You know you need a multilingual Web site. But creating a translation-friendly site means proper preparation. Reading the following should save you time and money.
According to a recent IDC report “the globalization of the economy and the growing influence of the Internet underlines the importance of language in all its diversity.”
This study, which questioned 27,000 Internet users worldwide, shows that not only is the global economy a multilingual economy, but that a company which has developed a well thought out ‘local’ strategy can tap into a potentially much larger market to sell its products or services.
Having a multi-language Web site is becoming more and more important. However, failure to properly assess the problems associated with multilingual Web sites can lead to increased expenditure and delay in its development. Such problems tend to be of two types:
- Problems of logical Web site construction,
- Problems in the adaptation and presentation of the website for your target audience.
1. SOME THOUGHTS ON THE STRUCTURE OF YOUR WEB SITE.
*ARCHITECTURAL DESIGN AND CHOICE OF METHOD.*
One question worth asking is, will the Web site remain largely unchanged after its initial conception or will it be regularly changed or updated? If it is unlikely to be updated regularly it is worth staying with a relatively simple architecture, concentrating instead on appealing to search engines and directories.
If, however, it is likely to be regularly updated, the Web site should be constructed so that text in all languages can be updated at the same time. This is possible through PHP development, which at its best can allow you to update simultaneously all languages in your site and at worst allow your updated text to be restored with simplicity, saving time and money.
It is also worth noting that overly ‘dynamic’ sites can be practically impossible for a search engine to spot. Your Web site developer should be able to suggest alternative solutions which are equally effective.
*ONE URL PER LANGUAGE?*
Many robots and Web crawlers are rather ethnocentric. They start out by taking an interest in your site, and then discover a language they don’t recognize. Terrified, they scurry back to more familiar territory. To increase traffic to your Web site, you can register one domain name for each language and ask your service provider to simply create a mirror or clone for the different languages. If, for example, your initial Web site is smith.com, you can simply register smith-japan.com, smith-deutschland.com, smith-espana.com, etc. You can also register a name translated into an Asian language without using Latin characters.
*IF YOU PREFER TO USE A SINGLE URL*
Building a “translation-friendly” Web site
Today, your Web site architecture needs to be designed (flags, as many subdirectories as needed) for localization. Make sure your localizer is familiar with compatibility issues and has access to the necessary tools (a version of DreamWeaver in each language, preferably running on a localized version of the operating system). Start planning the layout of your pages ahead of time to make sure the localization process goes smoothly and is based on the appropriate architecture.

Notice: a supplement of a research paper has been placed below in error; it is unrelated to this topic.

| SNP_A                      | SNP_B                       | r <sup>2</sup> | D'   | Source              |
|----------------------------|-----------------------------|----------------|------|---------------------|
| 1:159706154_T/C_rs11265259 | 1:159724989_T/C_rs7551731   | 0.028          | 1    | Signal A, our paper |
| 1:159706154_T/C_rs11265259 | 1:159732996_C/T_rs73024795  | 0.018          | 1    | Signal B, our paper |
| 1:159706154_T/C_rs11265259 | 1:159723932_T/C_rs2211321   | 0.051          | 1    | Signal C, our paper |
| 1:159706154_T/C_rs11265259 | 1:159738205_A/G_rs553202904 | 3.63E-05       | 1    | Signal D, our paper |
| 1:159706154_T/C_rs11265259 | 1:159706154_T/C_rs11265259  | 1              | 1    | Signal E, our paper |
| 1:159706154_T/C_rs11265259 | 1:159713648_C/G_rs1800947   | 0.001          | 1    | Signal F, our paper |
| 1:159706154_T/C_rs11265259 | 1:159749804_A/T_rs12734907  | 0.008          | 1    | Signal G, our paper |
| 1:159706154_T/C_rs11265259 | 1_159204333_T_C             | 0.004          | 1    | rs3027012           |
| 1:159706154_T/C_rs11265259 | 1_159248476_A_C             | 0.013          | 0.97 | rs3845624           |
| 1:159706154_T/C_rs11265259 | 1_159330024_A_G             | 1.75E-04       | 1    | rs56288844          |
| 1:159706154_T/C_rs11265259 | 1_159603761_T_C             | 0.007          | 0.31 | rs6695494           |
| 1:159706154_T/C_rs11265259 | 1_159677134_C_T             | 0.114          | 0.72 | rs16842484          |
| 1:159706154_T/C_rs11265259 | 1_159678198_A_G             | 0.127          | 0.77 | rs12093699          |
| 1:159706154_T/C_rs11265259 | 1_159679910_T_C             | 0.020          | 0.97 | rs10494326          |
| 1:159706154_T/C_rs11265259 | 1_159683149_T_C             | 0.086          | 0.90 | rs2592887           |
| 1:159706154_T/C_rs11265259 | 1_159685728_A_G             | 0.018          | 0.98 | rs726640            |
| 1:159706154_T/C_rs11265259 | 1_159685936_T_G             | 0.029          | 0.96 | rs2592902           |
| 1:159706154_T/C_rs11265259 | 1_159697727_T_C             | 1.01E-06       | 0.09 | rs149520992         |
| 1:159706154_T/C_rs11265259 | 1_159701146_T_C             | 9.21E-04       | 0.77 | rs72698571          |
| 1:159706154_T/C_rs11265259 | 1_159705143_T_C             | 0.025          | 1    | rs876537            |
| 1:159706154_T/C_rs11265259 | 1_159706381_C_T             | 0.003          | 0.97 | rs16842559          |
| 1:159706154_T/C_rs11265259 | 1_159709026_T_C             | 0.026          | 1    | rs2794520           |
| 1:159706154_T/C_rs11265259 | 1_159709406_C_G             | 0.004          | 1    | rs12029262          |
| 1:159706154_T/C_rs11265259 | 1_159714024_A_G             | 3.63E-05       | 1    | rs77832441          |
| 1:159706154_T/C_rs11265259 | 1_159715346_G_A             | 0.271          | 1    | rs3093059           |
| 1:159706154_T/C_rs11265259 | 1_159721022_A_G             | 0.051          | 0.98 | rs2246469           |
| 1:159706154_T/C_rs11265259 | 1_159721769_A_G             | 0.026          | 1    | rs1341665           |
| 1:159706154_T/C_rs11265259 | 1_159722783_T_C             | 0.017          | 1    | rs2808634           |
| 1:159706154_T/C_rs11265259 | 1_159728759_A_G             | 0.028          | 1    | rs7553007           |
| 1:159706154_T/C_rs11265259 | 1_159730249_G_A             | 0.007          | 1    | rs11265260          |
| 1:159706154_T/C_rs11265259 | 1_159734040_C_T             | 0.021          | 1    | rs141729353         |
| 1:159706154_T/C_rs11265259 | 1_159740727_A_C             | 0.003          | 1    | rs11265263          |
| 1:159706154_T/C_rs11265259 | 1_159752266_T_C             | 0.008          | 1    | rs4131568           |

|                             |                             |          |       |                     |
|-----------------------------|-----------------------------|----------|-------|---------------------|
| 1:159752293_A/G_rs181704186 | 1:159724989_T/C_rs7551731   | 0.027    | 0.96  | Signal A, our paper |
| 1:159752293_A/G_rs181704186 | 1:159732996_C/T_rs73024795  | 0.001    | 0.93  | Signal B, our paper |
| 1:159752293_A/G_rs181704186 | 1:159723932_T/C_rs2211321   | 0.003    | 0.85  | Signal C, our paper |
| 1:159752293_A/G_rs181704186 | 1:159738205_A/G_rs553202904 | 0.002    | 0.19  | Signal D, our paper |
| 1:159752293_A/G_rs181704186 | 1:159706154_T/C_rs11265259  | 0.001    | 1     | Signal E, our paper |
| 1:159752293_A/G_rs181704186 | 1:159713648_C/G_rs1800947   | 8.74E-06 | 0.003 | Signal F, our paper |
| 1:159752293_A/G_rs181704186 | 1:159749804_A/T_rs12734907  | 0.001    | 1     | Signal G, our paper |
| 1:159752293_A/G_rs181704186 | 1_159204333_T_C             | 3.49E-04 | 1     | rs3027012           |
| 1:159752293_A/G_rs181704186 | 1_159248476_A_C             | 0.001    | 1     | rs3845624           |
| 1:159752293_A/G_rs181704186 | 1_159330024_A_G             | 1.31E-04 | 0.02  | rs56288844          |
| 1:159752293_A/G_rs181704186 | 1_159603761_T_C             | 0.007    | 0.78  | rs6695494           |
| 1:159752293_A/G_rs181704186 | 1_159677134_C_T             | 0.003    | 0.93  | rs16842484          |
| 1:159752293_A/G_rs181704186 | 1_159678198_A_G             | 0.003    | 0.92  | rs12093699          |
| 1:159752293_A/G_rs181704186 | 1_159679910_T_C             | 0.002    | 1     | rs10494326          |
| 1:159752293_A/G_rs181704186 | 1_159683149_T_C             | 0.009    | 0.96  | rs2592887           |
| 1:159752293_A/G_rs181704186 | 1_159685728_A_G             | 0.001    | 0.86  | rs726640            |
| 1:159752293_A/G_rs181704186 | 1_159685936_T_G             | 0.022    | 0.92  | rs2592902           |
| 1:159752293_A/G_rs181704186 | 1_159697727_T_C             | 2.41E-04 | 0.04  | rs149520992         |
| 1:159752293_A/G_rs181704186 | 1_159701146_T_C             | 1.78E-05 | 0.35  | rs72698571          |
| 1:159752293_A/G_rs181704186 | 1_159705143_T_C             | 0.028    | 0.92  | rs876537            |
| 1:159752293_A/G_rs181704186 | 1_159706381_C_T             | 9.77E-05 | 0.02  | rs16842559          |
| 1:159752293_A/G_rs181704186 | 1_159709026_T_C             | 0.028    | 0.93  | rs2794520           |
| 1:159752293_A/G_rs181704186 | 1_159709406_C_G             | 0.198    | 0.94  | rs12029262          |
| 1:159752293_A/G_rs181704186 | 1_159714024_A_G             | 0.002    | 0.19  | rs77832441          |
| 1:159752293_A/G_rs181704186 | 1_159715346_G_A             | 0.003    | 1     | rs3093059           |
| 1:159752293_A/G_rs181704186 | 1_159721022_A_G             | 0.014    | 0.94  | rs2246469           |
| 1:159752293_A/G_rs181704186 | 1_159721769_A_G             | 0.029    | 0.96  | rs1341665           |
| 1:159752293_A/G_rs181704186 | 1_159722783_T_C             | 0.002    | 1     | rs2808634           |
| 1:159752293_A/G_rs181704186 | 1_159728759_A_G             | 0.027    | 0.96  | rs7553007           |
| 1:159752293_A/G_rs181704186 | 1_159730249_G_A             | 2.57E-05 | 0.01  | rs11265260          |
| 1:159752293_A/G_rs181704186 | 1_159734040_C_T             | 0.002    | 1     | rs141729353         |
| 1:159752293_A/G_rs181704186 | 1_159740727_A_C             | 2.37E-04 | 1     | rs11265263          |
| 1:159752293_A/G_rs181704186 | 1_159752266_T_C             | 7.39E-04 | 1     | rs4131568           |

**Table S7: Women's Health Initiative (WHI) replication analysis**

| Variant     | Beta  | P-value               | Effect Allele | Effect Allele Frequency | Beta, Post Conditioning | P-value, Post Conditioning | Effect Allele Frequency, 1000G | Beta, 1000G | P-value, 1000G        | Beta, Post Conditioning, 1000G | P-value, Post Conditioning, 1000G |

Don’t use too many dropdown menus.
If you’re using CGI scripts, pay close attention to the new Web addresses, which could be a problem. When designing pages try to remember that some users are accustomed to different systems of measurement, time, and currency display.
The character encoding or charset enables the browser to recognize the language and automatically open the HTML page using the appropriate language code (ISO code). For European languages, there are relatively few problems.
For Asian languages, however, Unicode or double-byte characters are needed. For certain less common languages (Sanskrit, for example), graphics must be used to display characters (image maps are used for interactive sites).
If you decide to use a double-byte character set, the characters used for each language must be indicated in the HTML source code. For example, for sites that are going to be translated into simplified Chinese (for Mainland China), Big5 encoding is used, while for Japanese sites, Shift-JIS is used. In general it’s better to limit the encoding to a single format and create other local URLs to avoid confusing any search robots that scan your site.
*THINK OF POSSIBLE TRANSLATION PROBLEMS…*
Because the translator won’t be able to determine which text needs to be translated, all code should be separate from the text to be translated. The presence of tags will prevent the translator from concentrating on text content and will trip up any automated spell checkers.
Sites that use a lot of dynamic HTML often make use of databases whose content is constantly changing. These texts can be exported to HTML or Excel before being given to a translator. Bear in mind, however, that spreadsheets such as Excel and Quattro Pro can cause endless problems for translators and generally slow down the translation process. Similarly, ASP formats are difficult to manage for translation. If you must use ASP files, consider this beforehand when planning your budget since most translation companies charge extra for files in these formats. Remember that languages like Arabic and Hebrew are written from right to left (although the latest versions of Internet Explorer can automatically display reverse text).
Place all graphics in a separate directory (make the site architecture as clear and consistent as possible). Indicate which graphics contain text for translation. And when you’re designing your site, place text next to graphics whenever possible.